Children Get Better When Their Moms Feel Better

Helping Depressed Moms Helps her Children

/ Author:  / Reviewed by: Joseph V. Madia, MD

(RxWiki News) The children of depressed mothers often have behavior problems. Now it's known than when moms feel better, their kids behave and do better, too.

A new study from University of Texas Southwestern Medical Center shows that treating moms who are depressed has a very positive and long-lasting effect on her children. The sooner she's treated and the faster she starts feeling better, the sooner her kids start feeling, behaving and doing better.

"Moms who get help for their depression help their children tremendously."

“Depression should not be taken lightly,” said Dr. Madhukar Trivedi, professor of psychiatry at UT Southwestern and a co-author of the study. “For kids’ sakes, we should be very aggressive in treating patients, particularly mothers. The more improved care we can provide to depressed mothers, the greater extent we can positively benefit their children.”

Trivedi adds, “It is very rare to treat a patient and have an impact on people around the patient that is this significant."

The study showed that children improved by showing less signs of depression and interacting better with others. The type of improvements seen and how long they lasted were related to the time it took mothers to get better.

  • Children whose mothers recovered from all depressive symptoms within the first three months of treatment continued to show improvements in both symptoms and social functioning more than a year later.
  • If their mothers’ recovery took longer than three months, children a year later showed improvement in depressive symptoms, but not as much in social functioning.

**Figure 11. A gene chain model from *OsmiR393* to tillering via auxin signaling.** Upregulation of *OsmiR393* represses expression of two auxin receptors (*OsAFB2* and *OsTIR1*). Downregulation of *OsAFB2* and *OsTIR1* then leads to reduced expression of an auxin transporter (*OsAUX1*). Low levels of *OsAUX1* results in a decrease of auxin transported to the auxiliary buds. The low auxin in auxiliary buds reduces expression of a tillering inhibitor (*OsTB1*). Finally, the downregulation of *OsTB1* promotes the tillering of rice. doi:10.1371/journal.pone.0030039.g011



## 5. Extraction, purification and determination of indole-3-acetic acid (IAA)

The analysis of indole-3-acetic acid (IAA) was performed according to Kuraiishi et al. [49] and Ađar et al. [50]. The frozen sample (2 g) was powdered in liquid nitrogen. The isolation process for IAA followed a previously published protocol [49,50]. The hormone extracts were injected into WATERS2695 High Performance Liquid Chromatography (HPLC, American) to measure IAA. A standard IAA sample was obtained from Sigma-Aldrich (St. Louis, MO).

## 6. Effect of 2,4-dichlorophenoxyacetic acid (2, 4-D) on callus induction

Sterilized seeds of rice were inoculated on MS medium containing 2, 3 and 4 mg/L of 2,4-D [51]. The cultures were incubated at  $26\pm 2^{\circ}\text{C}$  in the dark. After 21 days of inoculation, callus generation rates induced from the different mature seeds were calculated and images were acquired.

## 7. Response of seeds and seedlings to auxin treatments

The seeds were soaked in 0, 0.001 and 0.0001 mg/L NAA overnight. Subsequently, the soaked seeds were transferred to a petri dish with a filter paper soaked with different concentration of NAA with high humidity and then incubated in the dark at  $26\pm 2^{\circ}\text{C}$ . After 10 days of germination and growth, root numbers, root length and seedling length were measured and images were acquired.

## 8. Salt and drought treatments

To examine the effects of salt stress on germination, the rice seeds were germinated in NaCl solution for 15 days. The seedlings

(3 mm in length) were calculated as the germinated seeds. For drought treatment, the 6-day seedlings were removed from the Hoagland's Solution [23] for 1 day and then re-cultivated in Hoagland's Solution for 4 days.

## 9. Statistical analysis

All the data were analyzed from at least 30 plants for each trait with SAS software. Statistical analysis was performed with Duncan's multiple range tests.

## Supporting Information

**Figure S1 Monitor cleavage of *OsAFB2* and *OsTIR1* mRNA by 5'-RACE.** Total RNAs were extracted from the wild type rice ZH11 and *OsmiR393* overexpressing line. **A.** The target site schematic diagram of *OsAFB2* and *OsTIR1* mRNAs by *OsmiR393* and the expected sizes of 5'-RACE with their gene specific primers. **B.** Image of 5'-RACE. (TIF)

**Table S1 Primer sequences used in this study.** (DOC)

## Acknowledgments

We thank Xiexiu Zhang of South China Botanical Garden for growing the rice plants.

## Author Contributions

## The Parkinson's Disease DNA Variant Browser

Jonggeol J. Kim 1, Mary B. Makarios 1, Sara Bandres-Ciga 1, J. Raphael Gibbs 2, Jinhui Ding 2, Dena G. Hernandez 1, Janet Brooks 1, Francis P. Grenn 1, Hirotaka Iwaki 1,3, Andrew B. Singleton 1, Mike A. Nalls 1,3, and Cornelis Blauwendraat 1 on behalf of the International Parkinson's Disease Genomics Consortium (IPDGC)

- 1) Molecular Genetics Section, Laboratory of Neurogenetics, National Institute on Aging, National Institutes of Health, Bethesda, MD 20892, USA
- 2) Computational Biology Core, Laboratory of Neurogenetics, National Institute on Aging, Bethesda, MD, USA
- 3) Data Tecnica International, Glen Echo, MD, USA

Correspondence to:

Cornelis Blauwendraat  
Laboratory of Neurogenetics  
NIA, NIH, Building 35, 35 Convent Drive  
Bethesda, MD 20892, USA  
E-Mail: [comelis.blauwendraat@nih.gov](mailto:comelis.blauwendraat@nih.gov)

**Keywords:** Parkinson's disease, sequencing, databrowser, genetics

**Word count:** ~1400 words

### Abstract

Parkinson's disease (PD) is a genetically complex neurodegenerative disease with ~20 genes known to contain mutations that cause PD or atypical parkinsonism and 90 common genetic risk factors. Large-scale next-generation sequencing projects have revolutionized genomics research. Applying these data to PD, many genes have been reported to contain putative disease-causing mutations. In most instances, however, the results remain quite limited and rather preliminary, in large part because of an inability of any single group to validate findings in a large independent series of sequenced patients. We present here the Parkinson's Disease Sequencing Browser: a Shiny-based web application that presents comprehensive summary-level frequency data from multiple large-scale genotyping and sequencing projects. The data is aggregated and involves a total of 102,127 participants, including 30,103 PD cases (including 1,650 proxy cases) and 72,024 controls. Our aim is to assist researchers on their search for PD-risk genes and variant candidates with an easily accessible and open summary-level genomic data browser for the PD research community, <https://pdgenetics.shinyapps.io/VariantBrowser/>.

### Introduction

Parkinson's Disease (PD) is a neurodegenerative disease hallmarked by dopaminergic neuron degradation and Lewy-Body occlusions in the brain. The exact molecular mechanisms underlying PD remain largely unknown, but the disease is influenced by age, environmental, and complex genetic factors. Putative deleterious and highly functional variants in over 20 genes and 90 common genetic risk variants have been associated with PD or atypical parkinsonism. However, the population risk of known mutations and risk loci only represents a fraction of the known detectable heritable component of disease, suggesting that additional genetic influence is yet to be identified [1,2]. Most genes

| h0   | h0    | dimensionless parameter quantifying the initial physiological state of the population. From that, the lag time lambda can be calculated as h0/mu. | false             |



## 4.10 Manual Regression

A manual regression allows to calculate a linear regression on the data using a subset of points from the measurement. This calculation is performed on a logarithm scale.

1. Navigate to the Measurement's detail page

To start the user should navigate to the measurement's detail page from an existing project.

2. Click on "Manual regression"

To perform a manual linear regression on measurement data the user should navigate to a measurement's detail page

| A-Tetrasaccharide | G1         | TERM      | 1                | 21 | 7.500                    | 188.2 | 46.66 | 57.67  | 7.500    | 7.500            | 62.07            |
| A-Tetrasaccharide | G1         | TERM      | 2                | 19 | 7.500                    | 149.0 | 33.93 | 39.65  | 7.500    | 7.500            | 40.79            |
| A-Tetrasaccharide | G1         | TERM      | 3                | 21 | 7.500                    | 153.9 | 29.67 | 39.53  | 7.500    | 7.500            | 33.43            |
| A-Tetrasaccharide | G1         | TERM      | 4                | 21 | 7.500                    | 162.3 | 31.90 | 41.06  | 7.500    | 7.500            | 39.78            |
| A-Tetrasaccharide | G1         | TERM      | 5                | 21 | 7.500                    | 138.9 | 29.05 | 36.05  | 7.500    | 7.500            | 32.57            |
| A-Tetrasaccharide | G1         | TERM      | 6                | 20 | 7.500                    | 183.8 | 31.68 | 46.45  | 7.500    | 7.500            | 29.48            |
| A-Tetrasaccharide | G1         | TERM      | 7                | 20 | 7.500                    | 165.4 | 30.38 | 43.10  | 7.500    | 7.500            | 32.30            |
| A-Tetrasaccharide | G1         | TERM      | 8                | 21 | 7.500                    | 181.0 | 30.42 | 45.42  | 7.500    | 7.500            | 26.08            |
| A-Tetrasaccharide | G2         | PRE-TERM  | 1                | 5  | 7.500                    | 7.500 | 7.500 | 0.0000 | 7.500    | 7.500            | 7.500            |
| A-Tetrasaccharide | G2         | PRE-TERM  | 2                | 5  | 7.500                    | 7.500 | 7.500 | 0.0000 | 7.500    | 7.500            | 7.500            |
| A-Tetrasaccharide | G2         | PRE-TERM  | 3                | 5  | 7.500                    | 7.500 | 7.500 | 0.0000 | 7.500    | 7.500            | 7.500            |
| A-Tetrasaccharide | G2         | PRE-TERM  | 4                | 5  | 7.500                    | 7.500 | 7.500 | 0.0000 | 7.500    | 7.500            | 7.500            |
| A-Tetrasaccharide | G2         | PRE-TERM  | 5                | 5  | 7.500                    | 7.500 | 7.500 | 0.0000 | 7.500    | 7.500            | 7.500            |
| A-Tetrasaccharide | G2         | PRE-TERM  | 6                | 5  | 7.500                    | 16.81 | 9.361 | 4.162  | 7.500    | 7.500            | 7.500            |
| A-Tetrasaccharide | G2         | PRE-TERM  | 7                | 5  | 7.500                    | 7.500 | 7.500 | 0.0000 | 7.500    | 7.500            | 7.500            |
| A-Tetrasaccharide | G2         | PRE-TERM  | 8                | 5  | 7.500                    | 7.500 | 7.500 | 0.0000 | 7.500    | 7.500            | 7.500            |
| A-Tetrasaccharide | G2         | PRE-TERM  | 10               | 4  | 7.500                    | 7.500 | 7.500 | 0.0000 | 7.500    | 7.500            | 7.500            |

• Children whose mothers did not respond to treatment did not show improvement at all. Instead, their depressive symptoms increased.

“The take-home message is this: The faster we can get mothers better, the greater impact on their children,” Trivedi said. “When we see a patient/mother with depression, we need to treat them aggressively and fast and get them as close to remission as possible. In the long term, children will have a better outcome than if you take more time to get their mothers better.”

The Study

  • Moms and their children were followed as part of the nation’s largest multisite clinical trial on treatments for depression, begun in fall 1999
  • The STAR*D (Sequenced Treatment Alternatives to Relieve Depression) recruited 824 women ages 25 to 60
  • More than 150 mothers and their children, ages 7 to 17, participated
  • Children were evaluated for depression at the beginning of the study and then reassessed after their mothers had been on antidepressant medications for three months
  • Children were followed and reassessed at three-month intervals for up to two years
  • Many kids came into the study with significant problems, including anxiety, depression and/or other disruptive behavior disorders
Reviewed by: 
Review Date: 
May 10, 2011
Last Updated:
May 10, 2011